Archive for the ‘Free Usenet Server’Category
Best Usenet Server
The best Usenet service for any individual will generally depend on how they intend to use the service. If one intends to do a lot of file downloading, for instance, they will likely need a pay service that offers long archive times and access to any and every file uploaded. If a user only wishes to participate in discussions, they may be able to get away with using a free service provided by a university or other non-profit institution. If a user only needs technical information, there are corporate options available that can cater to these needs.
The best Usenet service for those who wish to download files is one which keeps their posts available for a long interval after they’ve been added to the newsgroup. Obviously, not every user is going to log on every day and they may miss out on a file they very much wanted if their server deletes it too quickly. Newsgroup servers operated by ISPs oftentimes have short storage intervals and, for these users, subscribing to a third-party service is usually the best bet. There are many such services available online and most of them are very affordable.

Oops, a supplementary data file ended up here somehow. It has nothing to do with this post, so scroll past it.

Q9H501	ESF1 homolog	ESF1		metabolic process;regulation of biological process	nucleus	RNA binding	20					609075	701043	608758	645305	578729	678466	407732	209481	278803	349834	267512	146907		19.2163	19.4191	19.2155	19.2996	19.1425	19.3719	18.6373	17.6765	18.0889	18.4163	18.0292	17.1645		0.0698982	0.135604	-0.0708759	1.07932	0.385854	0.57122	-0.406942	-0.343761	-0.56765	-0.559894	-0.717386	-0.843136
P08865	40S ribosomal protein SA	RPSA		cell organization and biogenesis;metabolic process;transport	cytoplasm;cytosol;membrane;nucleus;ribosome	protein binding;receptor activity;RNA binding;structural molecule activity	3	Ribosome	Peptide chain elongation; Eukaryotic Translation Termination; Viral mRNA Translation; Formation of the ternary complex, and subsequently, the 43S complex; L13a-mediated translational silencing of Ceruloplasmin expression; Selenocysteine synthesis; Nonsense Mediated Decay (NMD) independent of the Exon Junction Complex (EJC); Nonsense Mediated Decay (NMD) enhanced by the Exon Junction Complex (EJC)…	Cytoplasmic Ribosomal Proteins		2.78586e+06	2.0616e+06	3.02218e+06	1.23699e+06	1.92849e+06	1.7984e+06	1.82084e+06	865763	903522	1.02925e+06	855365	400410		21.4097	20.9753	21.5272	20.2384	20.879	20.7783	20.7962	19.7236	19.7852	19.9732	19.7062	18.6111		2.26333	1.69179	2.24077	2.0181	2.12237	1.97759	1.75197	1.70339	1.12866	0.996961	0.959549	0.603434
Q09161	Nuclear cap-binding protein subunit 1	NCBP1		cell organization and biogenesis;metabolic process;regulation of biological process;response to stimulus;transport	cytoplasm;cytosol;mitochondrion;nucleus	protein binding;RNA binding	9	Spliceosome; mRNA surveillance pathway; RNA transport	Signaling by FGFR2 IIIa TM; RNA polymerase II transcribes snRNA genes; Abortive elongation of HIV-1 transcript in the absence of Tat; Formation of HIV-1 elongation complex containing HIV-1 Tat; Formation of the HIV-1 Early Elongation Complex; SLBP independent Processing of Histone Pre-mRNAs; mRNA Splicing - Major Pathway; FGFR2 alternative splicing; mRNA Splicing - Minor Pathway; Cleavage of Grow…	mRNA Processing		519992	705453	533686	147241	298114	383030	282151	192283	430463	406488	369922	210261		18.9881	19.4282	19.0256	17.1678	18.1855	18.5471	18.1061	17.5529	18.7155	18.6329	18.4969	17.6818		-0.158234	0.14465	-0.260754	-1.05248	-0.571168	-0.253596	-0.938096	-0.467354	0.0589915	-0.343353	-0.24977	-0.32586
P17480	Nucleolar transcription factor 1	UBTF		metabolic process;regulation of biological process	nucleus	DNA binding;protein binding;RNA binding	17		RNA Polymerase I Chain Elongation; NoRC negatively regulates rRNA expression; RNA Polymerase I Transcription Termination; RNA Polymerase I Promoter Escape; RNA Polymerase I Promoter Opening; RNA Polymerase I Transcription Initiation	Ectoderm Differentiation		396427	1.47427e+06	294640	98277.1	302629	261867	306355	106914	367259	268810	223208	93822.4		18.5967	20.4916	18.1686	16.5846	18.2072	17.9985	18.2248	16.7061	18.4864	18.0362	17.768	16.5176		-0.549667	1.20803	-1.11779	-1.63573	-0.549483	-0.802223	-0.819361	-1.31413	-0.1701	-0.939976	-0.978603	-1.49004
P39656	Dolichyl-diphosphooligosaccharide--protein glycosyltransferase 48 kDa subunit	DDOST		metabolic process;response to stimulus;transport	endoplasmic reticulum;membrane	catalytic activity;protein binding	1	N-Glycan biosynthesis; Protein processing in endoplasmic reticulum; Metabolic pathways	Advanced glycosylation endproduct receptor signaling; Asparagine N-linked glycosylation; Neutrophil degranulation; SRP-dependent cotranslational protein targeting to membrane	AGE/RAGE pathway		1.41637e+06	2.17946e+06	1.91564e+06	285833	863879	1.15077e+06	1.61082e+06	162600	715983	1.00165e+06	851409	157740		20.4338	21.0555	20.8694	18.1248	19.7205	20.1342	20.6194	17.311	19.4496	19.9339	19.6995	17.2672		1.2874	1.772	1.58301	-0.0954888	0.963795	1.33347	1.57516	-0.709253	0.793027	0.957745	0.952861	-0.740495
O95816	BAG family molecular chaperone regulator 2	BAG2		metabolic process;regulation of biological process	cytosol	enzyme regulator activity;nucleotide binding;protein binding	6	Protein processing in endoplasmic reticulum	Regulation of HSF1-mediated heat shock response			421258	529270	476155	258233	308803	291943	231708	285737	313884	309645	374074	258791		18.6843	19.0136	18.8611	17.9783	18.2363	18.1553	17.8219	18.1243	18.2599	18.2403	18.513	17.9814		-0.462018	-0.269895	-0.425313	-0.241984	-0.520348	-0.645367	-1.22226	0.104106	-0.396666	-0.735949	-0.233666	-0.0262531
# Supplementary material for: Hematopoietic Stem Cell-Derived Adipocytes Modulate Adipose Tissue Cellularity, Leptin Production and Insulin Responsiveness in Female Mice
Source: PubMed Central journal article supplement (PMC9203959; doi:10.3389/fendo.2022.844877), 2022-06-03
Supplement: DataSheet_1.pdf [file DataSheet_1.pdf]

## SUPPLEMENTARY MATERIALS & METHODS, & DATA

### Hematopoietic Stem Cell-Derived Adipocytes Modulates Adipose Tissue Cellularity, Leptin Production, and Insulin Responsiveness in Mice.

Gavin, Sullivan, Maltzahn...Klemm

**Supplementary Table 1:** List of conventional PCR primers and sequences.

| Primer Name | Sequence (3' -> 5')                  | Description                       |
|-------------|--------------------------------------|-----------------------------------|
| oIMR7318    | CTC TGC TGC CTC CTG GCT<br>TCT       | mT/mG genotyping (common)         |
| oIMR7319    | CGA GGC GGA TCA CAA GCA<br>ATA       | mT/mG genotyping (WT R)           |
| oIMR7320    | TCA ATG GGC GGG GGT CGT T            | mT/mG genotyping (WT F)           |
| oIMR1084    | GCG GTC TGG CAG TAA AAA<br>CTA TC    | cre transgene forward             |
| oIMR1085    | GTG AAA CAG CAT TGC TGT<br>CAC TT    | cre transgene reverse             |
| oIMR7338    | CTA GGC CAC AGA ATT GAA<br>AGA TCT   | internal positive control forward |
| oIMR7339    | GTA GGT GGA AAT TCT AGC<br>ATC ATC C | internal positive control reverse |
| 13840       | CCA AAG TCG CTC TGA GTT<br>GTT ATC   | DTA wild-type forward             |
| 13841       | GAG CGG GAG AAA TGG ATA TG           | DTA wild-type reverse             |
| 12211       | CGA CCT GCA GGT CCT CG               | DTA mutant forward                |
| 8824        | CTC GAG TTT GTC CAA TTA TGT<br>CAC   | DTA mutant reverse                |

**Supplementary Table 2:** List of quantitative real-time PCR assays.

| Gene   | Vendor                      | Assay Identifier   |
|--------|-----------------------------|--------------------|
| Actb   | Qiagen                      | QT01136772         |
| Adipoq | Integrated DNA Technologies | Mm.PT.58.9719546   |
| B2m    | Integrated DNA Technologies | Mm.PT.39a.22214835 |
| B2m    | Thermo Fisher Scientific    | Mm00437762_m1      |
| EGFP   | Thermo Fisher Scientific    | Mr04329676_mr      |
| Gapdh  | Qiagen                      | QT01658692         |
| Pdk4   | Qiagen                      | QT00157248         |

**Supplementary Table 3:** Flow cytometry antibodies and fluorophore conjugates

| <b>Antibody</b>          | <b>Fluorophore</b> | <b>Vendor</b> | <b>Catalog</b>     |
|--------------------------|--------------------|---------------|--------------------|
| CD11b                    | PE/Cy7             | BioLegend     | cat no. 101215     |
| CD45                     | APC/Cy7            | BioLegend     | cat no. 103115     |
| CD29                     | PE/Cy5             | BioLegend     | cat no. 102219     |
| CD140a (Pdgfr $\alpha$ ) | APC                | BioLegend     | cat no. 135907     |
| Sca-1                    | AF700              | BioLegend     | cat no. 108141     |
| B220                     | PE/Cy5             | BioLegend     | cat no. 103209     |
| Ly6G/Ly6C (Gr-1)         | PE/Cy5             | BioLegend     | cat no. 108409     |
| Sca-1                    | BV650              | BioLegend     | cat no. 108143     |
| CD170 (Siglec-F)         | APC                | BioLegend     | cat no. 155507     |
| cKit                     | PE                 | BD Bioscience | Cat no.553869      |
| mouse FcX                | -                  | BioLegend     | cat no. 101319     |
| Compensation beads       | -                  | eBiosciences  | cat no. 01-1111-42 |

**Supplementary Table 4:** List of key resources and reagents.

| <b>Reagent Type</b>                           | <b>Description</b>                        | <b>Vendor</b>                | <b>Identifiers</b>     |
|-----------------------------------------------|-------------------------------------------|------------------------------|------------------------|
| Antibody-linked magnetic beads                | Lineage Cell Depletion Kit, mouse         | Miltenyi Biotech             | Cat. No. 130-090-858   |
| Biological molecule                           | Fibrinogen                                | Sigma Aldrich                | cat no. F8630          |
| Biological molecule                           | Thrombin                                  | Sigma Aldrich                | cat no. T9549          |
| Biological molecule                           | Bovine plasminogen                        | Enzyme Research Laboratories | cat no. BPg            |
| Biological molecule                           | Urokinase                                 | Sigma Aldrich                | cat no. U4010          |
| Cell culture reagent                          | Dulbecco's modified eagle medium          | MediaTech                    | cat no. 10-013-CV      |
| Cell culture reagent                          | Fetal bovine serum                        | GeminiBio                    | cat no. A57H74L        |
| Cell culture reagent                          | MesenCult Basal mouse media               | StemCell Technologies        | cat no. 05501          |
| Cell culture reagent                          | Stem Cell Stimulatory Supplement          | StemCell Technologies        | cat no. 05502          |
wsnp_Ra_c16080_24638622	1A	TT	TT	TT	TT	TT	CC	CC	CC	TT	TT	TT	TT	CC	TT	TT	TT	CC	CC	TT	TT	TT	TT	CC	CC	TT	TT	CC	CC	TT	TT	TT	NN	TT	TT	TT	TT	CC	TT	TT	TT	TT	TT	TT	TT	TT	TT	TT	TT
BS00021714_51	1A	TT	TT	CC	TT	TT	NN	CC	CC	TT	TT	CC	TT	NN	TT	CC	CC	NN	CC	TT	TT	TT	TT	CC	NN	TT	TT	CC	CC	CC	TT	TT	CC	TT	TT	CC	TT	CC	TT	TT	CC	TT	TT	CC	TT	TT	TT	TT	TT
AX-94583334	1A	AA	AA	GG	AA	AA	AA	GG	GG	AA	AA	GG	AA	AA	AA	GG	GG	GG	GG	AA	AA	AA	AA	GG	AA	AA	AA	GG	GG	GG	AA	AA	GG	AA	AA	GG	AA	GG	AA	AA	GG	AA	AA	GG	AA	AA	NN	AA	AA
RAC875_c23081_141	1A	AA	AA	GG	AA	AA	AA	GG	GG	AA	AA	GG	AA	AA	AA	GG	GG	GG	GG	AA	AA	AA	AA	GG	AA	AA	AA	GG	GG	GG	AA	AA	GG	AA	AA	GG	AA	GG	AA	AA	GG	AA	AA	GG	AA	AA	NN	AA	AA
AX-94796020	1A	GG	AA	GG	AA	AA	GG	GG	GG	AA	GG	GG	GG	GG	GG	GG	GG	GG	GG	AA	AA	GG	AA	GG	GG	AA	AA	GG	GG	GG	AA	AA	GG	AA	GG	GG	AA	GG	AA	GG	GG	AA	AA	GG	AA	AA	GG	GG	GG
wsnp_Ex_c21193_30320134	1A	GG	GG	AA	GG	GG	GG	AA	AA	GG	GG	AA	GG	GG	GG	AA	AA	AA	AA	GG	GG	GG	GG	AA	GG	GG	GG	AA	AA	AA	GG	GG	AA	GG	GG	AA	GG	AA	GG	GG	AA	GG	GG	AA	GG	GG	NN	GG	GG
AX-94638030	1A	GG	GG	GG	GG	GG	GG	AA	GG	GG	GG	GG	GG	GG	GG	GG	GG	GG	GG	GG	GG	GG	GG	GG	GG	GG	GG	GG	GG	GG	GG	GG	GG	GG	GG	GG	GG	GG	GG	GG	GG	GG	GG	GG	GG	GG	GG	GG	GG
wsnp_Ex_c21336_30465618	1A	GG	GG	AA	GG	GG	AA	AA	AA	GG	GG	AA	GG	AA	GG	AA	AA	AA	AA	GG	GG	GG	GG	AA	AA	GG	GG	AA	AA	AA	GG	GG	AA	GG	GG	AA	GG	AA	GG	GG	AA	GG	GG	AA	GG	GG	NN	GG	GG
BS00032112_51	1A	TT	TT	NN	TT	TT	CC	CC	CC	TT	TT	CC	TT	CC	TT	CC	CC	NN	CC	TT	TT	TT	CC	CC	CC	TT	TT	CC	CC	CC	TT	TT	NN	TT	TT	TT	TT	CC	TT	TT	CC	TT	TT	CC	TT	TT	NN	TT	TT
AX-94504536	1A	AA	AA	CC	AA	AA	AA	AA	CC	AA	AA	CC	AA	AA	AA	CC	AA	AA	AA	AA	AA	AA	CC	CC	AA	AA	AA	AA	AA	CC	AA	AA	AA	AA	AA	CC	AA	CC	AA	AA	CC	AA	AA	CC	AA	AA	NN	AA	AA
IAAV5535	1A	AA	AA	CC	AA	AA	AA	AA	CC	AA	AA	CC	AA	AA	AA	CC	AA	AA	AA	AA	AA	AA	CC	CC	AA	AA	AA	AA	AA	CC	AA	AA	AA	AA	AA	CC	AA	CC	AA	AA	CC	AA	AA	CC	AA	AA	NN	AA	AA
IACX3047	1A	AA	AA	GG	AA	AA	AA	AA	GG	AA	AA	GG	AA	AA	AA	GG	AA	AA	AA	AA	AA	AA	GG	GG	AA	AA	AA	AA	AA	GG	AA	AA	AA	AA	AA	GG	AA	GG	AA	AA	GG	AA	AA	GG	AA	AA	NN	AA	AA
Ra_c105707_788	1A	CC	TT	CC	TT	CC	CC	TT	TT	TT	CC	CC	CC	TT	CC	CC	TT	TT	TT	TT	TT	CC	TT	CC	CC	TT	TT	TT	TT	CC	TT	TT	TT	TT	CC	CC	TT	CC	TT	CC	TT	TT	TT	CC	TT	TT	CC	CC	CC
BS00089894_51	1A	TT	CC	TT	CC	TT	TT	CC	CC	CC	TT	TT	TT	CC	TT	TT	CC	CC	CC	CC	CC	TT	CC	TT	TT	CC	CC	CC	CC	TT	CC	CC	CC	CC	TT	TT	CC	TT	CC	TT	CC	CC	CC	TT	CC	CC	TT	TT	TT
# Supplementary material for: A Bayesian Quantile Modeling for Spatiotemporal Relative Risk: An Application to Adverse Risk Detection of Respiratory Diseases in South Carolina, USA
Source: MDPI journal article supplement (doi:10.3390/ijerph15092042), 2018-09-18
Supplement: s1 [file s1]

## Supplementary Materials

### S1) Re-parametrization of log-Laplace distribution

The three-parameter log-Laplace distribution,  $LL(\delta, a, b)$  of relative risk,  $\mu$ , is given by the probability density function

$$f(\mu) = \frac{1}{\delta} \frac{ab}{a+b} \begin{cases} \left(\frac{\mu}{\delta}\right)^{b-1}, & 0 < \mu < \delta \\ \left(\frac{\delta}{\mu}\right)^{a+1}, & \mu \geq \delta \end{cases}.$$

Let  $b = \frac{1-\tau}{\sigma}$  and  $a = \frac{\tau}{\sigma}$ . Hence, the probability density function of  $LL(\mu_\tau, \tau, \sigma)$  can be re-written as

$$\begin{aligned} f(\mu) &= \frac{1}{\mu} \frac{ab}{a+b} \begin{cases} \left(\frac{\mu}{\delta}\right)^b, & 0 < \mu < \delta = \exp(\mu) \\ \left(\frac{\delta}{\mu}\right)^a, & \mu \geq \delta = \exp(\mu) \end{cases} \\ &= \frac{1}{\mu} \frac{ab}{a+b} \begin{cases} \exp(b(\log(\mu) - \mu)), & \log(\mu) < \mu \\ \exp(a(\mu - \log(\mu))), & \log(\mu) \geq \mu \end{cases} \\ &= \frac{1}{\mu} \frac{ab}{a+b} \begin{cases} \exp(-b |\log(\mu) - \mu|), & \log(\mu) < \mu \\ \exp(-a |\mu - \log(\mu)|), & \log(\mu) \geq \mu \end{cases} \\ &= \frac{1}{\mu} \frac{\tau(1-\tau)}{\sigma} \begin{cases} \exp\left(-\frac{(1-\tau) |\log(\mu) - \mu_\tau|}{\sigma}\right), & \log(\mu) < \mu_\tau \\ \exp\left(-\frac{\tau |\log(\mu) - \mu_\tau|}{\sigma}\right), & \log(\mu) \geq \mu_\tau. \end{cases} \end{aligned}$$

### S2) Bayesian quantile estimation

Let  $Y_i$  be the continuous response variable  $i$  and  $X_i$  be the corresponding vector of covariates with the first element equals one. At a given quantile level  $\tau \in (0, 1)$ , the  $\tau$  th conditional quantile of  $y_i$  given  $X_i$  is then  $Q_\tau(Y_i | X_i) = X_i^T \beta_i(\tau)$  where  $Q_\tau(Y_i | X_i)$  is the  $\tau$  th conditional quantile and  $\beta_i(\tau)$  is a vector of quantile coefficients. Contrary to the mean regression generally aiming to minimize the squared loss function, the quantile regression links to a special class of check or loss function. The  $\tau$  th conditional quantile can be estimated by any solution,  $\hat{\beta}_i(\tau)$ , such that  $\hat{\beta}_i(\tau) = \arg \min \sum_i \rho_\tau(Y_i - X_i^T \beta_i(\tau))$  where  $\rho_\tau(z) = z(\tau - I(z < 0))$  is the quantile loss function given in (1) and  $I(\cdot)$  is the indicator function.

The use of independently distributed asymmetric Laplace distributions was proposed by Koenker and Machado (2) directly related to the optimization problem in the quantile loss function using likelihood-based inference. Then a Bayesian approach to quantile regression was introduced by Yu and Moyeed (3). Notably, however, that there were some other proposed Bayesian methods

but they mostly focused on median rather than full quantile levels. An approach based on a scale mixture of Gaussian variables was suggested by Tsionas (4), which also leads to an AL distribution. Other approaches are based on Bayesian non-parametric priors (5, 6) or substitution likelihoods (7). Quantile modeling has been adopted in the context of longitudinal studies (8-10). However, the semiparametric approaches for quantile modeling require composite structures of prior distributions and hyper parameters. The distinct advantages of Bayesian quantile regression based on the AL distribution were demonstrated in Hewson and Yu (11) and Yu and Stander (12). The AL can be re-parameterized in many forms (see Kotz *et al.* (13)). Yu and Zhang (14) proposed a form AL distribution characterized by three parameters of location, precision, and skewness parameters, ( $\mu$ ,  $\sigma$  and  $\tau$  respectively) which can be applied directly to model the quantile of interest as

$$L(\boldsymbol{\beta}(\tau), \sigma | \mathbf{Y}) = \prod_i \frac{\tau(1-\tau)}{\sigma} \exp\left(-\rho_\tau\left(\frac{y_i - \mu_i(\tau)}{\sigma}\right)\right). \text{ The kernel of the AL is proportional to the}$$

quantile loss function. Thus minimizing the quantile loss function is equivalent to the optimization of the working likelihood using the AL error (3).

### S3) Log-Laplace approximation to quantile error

For users who like to chat, the best Usenet service need not have attachments or long archive times among its services. Universities offer such services for free to anyone. These are excellent for those who love a spirited debate with intelligent individuals. There will generally be no binaries available on these services as the bandwidth requirements would make it impossible for the institution to keep the service alive and available. However, because Usenet users can be very helpful to one another, there’s a good chance anyone on these newsgroups will be more than willing to either exchange files by other means or to point a lost user in the right direction.